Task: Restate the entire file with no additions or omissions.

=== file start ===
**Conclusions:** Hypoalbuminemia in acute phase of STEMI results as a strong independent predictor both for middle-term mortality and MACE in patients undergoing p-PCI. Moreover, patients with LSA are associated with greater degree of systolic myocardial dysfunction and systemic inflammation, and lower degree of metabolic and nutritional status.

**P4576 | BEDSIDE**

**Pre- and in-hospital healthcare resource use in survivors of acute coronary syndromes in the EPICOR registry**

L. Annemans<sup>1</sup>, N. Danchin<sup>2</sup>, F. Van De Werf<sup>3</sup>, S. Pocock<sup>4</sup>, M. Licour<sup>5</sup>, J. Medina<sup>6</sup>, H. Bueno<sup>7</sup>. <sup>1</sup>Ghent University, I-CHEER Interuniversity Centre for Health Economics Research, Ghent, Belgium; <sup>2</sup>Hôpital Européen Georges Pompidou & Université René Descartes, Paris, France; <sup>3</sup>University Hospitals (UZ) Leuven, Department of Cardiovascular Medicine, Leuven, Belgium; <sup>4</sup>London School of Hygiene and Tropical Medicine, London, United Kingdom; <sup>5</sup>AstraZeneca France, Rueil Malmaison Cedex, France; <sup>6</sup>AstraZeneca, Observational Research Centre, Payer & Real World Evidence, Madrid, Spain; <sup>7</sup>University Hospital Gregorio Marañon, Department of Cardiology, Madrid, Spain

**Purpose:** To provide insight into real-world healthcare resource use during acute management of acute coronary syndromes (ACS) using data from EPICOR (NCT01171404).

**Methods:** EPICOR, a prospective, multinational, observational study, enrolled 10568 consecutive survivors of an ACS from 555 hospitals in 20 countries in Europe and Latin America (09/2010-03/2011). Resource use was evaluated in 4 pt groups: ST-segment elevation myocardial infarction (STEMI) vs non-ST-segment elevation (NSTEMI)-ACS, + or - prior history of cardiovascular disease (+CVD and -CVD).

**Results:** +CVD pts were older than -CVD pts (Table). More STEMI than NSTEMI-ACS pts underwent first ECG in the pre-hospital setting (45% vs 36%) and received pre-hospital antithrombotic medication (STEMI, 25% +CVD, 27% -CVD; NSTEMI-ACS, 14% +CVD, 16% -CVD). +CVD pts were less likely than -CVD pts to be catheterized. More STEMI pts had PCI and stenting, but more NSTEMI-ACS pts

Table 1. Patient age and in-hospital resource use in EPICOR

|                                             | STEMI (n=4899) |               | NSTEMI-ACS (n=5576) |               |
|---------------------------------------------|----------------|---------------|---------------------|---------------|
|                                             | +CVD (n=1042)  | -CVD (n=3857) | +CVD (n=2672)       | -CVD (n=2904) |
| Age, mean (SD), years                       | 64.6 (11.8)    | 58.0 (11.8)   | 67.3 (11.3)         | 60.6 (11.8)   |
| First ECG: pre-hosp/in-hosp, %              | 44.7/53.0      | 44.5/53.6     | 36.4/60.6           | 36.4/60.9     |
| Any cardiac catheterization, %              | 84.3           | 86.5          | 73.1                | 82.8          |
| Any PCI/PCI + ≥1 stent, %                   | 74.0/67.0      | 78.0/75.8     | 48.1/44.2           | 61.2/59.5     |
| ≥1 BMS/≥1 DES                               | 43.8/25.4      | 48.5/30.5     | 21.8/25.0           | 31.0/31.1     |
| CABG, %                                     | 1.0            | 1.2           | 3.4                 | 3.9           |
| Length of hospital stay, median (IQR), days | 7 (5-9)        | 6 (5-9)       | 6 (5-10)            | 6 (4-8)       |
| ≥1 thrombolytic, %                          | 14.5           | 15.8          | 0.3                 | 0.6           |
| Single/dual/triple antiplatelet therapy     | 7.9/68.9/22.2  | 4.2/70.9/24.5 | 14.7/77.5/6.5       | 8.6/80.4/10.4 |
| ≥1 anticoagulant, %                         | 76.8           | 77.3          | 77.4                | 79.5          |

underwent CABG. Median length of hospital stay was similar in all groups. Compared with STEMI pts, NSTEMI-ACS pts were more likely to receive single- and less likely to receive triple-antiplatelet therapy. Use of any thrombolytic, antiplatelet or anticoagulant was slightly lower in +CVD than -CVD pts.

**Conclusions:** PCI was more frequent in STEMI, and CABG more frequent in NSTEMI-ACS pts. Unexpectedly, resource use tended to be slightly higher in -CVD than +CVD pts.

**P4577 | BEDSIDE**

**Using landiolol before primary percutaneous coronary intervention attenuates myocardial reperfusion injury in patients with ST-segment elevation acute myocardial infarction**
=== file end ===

**Conclusions:** Hypoalbuminemia in acute phase of STEMI results as a strong independent predictor both for middle-term mortality and MACE in patients undergoing p-PCI. Moreover, patients with LSA are associated with greater degree of systolic myocardial dysfunction and systemic inflammation, and lower degree of metabolic and nutritional status.

**P4576 | BEDSIDE**

**Pre- and in-hospital healthcare resource use in survivors of acute coronary syndromes in the EPICOR registry**

L. Annemans<sup>1</sup>, N. Danchin<sup>2</sup>, F. Van De Werf<sup>3</sup>, S. Pocock<sup>4</sup>, M. Licour<sup>5</sup>, J. Medina<sup>6</sup>, H. Bueno<sup>7</sup>. <sup>1</sup>Ghent University, I-CHEER Interuniversity Centre for Health Economics Research, Ghent, Belgium; <sup>2</sup>Hôpital Européen Georges Pompidou & Université René Descartes, Paris, France; <sup>3</sup>University Hospitals (UZ) Leuven, Department of Cardiovascular Medicine, Leuven, Belgium; <sup>4</sup>London School of Hygiene and Tropical Medicine, London, United Kingdom; <sup>5</sup>AstraZeneca France, Rueil Malmaison Cedex, France; <sup>6</sup>AstraZeneca, Observational Research Centre, Payer & Real World Evidence, Madrid, Spain; <sup>7</sup>University Hospital Gregorio Marañon, Department of Cardiology, Madrid, Spain

**Purpose:** To provide insight into real-world healthcare resource use during acute management of acute coronary syndromes (ACS) using data from EPICOR (NCT01171404).

**Methods:** EPICOR, a prospective, multinational, observational study, enrolled 10568 consecutive survivors of an ACS from 555 hospitals in 20 countries in Europe and Latin America (09/2010-03/2011). Resource use was evaluated in 4 pt groups: ST-segment elevation myocardial infarction (STEMI) vs non-ST-segment elevation (NSTEMI)-ACS, + or - prior history of cardiovascular disease (+CVD and -CVD).

**Results:** +CVD pts were older than -CVD pts (Table). More STEMI than NSTEMI-ACS pts underwent first ECG in the pre-hospital setting (45% vs 36%) and received pre-hospital antithrombotic medication (STEMI, 25% +CVD, 27% -CVD; NSTEMI-ACS, 14% +CVD, 16% -CVD). +CVD pts were less likely than -CVD pts to be catheterized. More STEMI pts had PCI and stenting, but more NSTEMI-ACS pts

Table 1. Patient age and in-hospital resource use in EPICOR

|                                             | STEMI (n=4899) |               | NSTEMI-ACS (n=5576) |               |
|---------------------------------------------|----------------|---------------|---------------------|---------------|
|                                             | +CVD (n=1042)  | -CVD (n=3857) | +CVD (n=2672)       | -CVD (n=2904) |
| Age, mean (SD), years                       | 64.6 (11.8)    | 58.0 (11.8)   | 67.3 (11.3)         | 60.6 (11.8)   |
| First ECG: pre-hosp/in-hosp, %              | 44.7/53.0      | 44.5/53.6     | 36.4/60.6           | 36.4/60.9     |
| Any cardiac catheterization, %              | 84.3           | 86.5          | 73.1                | 82.8          |
| Any PCI/PCI + ≥1 stent, %                   | 74.0/67.0      | 78.0/75.8     | 48.1/44.2           | 61.2/59.5     |
| ≥1 BMS/≥1 DES                               | 43.8/25.4      | 48.5/30.5     | 21.8/25.0           | 31.0/31.1     |
| CABG, %                                     | 1.0            | 1.2           | 3.4                 | 3.9           |
| Length of hospital stay, median (IQR), days | 7 (5-9)        | 6 (5-9)       | 6 (5-10)            | 6 (4-8)       |
| ≥1 thrombolytic, %                          | 14.5           | 15.8          | 0.3                 | 0.6           |
| Single/dual/triple antiplatelet therapy     | 7.9/68.9/22.2  | 4.2/70.9/24.5 | 14.7/77.5/6.5       | 8.6/80.4/10.4 |
| ≥1 anticoagulant, %                         | 76.8           | 77.3          | 77.4                | 79.5          |

underwent CABG. Median length of hospital stay was similar in all groups. Compared with STEMI pts, NSTEMI-ACS pts were more likely to receive single- and less likely to receive triple-antiplatelet therapy. Use of any thrombolytic, antiplatelet or anticoagulant was slightly lower in +CVD than -CVD pts.

**Conclusions:** PCI was more frequent in STEMI, and CABG more frequent in NSTEMI-ACS pts. Unexpectedly, resource use tended to be slightly higher in -CVD than +CVD pts.

**P4577 | BEDSIDE**

**Using landiolol before primary percutaneous coronary intervention attenuates myocardial reperfusion injury in patients with ST-segment elevation acute myocardial infarction**